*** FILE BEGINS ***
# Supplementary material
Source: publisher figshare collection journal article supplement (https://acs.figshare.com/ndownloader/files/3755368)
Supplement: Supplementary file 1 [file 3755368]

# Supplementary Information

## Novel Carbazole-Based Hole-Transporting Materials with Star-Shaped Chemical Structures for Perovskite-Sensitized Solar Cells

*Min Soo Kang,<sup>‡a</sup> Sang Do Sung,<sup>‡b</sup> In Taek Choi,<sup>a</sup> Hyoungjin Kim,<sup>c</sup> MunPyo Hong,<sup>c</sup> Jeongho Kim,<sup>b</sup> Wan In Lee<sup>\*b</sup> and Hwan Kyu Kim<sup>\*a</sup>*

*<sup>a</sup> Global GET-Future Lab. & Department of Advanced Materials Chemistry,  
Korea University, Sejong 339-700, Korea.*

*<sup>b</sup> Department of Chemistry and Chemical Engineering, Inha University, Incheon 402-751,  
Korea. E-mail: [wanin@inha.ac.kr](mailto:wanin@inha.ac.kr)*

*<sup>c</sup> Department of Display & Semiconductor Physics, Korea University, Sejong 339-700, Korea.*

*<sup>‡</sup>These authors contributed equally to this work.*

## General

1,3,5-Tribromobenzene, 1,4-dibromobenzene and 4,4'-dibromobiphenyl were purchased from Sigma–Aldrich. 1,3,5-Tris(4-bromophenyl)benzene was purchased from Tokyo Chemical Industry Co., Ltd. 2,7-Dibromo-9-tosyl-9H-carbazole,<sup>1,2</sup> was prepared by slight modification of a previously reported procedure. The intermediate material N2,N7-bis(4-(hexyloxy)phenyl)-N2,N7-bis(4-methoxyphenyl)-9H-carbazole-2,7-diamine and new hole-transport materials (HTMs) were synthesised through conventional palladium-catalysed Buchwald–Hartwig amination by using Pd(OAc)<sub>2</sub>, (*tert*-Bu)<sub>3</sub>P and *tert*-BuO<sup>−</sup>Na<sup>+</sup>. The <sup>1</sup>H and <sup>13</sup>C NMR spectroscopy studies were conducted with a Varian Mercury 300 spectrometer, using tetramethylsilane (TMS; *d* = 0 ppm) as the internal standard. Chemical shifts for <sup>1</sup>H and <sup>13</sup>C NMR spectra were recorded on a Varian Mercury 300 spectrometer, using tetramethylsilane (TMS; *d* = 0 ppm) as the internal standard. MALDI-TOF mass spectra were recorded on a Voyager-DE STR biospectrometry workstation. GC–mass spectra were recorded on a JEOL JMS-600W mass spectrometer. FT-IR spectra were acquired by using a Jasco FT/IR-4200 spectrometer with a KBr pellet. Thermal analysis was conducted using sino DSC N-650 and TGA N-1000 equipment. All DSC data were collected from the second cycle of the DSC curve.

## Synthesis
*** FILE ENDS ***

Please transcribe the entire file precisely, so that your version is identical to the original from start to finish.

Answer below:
# Supplementary material
Source: publisher figshare collection journal article supplement (https://acs.figshare.com/ndownloader/files/3755368)
Supplement: Supplementary file 1 [file 3755368]

# Supplementary Information

## Novel Carbazole-Based Hole-Transporting Materials with Star-Shaped Chemical Structures for Perovskite-Sensitized Solar Cells

*Min Soo Kang,<sup>‡a</sup> Sang Do Sung,<sup>‡b</sup> In Taek Choi,<sup>a</sup> Hyoungjin Kim,<sup>c</sup> MunPyo Hong,<sup>c</sup> Jeongho Kim,<sup>b</sup> Wan In Lee<sup>\*b</sup> and Hwan Kyu Kim<sup>\*a</sup>*

*<sup>a</sup> Global GET-Future Lab. & Department of Advanced Materials Chemistry,  
Korea University, Sejong 339-700, Korea.*

*<sup>b</sup> Department of Chemistry and Chemical Engineering, Inha University, Incheon 402-751,  
Korea. E-mail: [wanin@inha.ac.kr](mailto:wanin@inha.ac.kr)*

*<sup>c</sup> Department of Display & Semiconductor Physics, Korea University, Sejong 339-700, Korea.*

*<sup>‡</sup>These authors contributed equally to this work.*

## General

1,3,5-Tribromobenzene, 1,4-dibromobenzene and 4,4'-dibromobiphenyl were purchased from Sigma–Aldrich. 1,3,5-Tris(4-bromophenyl)benzene was purchased from Tokyo Chemical Industry Co., Ltd. 2,7-Dibromo-9-tosyl-9H-carbazole,<sup>1,2</sup> was prepared by slight modification of a previously reported procedure. The intermediate material N2,N7-bis(4-(hexyloxy)phenyl)-N2,N7-bis(4-methoxyphenyl)-9H-carbazole-2,7-diamine and new hole-transport materials (HTMs) were synthesised through conventional palladium-catalysed Buchwald–Hartwig amination by using Pd(OAc)<sub>2</sub>, (*tert*-Bu)<sub>3</sub>P and *tert*-BuO<sup>−</sup>Na<sup>+</sup>. The <sup>1</sup>H and <sup>13</sup>C NMR spectroscopy studies were conducted with a Varian Mercury 300 spectrometer, using tetramethylsilane (TMS; *d* = 0 ppm) as the internal standard. Chemical shifts for <sup>1</sup>H and <sup>13</sup>C NMR spectra were recorded on a Varian Mercury 300 spectrometer, using tetramethylsilane (TMS; *d* = 0 ppm) as the internal standard. MALDI-TOF mass spectra were recorded on a Voyager-DE STR biospectrometry workstation. GC–mass spectra were recorded on a JEOL JMS-600W mass spectrometer. FT-IR spectra were acquired by using a Jasco FT/IR-4200 spectrometer with a KBr pellet. Thermal analysis was conducted using sino DSC N-650 and TGA N-1000 equipment. All DSC data were collected from the second cycle of the DSC curve.

## Synthesis